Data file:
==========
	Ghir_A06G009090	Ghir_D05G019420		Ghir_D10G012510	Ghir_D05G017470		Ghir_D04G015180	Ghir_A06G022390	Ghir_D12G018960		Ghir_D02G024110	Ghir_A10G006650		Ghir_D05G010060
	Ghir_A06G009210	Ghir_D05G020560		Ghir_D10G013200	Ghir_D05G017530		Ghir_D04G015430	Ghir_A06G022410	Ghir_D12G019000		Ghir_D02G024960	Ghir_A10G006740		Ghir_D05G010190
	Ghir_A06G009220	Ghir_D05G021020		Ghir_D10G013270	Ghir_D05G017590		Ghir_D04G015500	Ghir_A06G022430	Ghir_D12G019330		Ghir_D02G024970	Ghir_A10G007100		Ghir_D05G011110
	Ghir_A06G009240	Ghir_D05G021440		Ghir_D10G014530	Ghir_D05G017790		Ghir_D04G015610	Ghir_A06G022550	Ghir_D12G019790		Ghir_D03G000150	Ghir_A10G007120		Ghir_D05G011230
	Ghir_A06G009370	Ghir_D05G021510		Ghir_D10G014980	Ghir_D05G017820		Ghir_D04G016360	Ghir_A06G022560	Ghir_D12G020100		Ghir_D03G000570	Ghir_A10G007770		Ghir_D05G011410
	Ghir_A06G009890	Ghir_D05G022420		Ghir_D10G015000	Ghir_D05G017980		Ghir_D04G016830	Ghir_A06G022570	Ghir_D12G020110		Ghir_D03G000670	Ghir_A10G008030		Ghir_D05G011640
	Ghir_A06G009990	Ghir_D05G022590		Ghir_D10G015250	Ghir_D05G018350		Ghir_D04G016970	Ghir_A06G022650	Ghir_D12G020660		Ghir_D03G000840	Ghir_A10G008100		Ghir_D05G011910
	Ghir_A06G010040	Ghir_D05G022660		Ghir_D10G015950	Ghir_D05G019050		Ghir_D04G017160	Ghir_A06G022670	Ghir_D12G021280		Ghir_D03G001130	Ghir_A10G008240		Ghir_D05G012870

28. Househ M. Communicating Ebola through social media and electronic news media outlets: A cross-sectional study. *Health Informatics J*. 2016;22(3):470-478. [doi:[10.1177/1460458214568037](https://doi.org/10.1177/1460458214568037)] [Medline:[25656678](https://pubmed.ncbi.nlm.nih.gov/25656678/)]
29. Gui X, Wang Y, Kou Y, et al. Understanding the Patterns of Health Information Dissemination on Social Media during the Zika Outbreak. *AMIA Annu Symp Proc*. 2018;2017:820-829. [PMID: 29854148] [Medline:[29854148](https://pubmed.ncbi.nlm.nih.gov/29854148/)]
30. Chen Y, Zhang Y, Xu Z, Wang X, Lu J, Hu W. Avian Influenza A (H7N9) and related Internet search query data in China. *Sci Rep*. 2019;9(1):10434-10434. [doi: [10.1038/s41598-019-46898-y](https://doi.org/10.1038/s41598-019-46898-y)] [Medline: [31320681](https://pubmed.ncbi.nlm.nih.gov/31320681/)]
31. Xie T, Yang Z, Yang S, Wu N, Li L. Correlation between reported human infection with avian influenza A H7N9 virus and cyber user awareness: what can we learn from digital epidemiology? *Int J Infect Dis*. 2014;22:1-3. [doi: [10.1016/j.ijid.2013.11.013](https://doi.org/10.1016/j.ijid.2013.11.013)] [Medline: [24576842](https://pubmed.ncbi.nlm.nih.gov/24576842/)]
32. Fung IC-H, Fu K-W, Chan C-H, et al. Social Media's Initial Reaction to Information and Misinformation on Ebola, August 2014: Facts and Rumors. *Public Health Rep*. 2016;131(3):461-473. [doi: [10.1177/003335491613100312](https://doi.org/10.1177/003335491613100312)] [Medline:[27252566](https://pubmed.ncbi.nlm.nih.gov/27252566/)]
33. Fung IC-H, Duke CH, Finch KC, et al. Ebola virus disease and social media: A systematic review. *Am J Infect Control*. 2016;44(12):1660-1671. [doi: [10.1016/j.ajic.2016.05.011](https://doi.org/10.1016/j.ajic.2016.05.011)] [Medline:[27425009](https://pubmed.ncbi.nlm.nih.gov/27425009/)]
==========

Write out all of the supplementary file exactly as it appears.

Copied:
	Ghir_A06G009090	Ghir_D05G019420		Ghir_D10G012510	Ghir_D05G017470		Ghir_D04G015180	Ghir_A06G022390	Ghir_D12G018960		Ghir_D02G024110	Ghir_A10G006650		Ghir_D05G010060
	Ghir_A06G009210	Ghir_D05G020560		Ghir_D10G013200	Ghir_D05G017530		Ghir_D04G015430	Ghir_A06G022410	Ghir_D12G019000		Ghir_D02G024960	Ghir_A10G006740		Ghir_D05G010190
	Ghir_A06G009220	Ghir_D05G021020		Ghir_D10G013270	Ghir_D05G017590		Ghir_D04G015500	Ghir_A06G022430	Ghir_D12G019330		Ghir_D02G024970	Ghir_A10G007100		Ghir_D05G011110
	Ghir_A06G009240	Ghir_D05G021440		Ghir_D10G014530	Ghir_D05G017790		Ghir_D04G015610	Ghir_A06G022550	Ghir_D12G019790		Ghir_D03G000150	Ghir_A10G007120		Ghir_D05G011230
	Ghir_A06G009370	Ghir_D05G021510		Ghir_D10G014980	Ghir_D05G017820		Ghir_D04G016360	Ghir_A06G022560	Ghir_D12G020100		Ghir_D03G000570	Ghir_A10G007770		Ghir_D05G011410
	Ghir_A06G009890	Ghir_D05G022420		Ghir_D10G015000	Ghir_D05G017980		Ghir_D04G016830	Ghir_A06G022570	Ghir_D12G020110		Ghir_D03G000670	Ghir_A10G008030		Ghir_D05G011640
	Ghir_A06G009990	Ghir_D05G022590		Ghir_D10G015250	Ghir_D05G018350		Ghir_D04G016970	Ghir_A06G022650	Ghir_D12G020660		Ghir_D03G000840	Ghir_A10G008100		Ghir_D05G011910
	Ghir_A06G010040	Ghir_D05G022660		Ghir_D10G015950	Ghir_D05G019050		Ghir_D04G017160	Ghir_A06G022670	Ghir_D12G021280		Ghir_D03G001130	Ghir_A10G008240		Ghir_D05G012870

28. Househ M. Communicating Ebola through social media and electronic news media outlets: A cross-sectional study. *Health Informatics J*. 2016;22(3):470-478. [doi:[10.1177/1460458214568037](https://doi.org/10.1177/1460458214568037)] [Medline:[25656678](https://pubmed.ncbi.nlm.nih.gov/25656678/)]
29. Gui X, Wang Y, Kou Y, et al. Understanding the Patterns of Health Information Dissemination on Social Media during the Zika Outbreak. *AMIA Annu Symp Proc*. 2018;2017:820-829. [PMID: 29854148] [Medline:[29854148](https://pubmed.ncbi.nlm.nih.gov/29854148/)]
30. Chen Y, Zhang Y, Xu Z, Wang X, Lu J, Hu W. Avian Influenza A (H7N9) and related Internet search query data in China. *Sci Rep*. 2019;9(1):10434-10434. [doi: [10.1038/s41598-019-46898-y](https://doi.org/10.1038/s41598-019-46898-y)] [Medline: [31320681](https://pubmed.ncbi.nlm.nih.gov/31320681/)]
31. Xie T, Yang Z, Yang S, Wu N, Li L. Correlation between reported human infection with avian influenza A H7N9 virus and cyber user awareness: what can we learn from digital epidemiology? *Int J Infect Dis*. 2014;22:1-3. [doi: [10.1016/j.ijid.2013.11.013](https://doi.org/10.1016/j.ijid.2013.11.013)] [Medline: [24576842](https://pubmed.ncbi.nlm.nih.gov/24576842/)]
32. Fung IC-H, Fu K-W, Chan C-H, et al. Social Media's Initial Reaction to Information and Misinformation on Ebola, August 2014: Facts and Rumors. *Public Health Rep*. 2016;131(3):461-473. [doi: [10.1177/003335491613100312](https://doi.org/10.1177/003335491613100312)] [Medline:[27252566](https://pubmed.ncbi.nlm.nih.gov/27252566/)]
33. Fung IC-H, Duke CH, Finch KC, et al. Ebola virus disease and social media: A systematic review. *Am J Infect Control*. 2016;44(12):1660-1671. [doi: [10.1016/j.ajic.2016.05.011](https://doi.org/10.1016/j.ajic.2016.05.011)] [Medline:[27425009](https://pubmed.ncbi.nlm.nih.gov/27425009/)]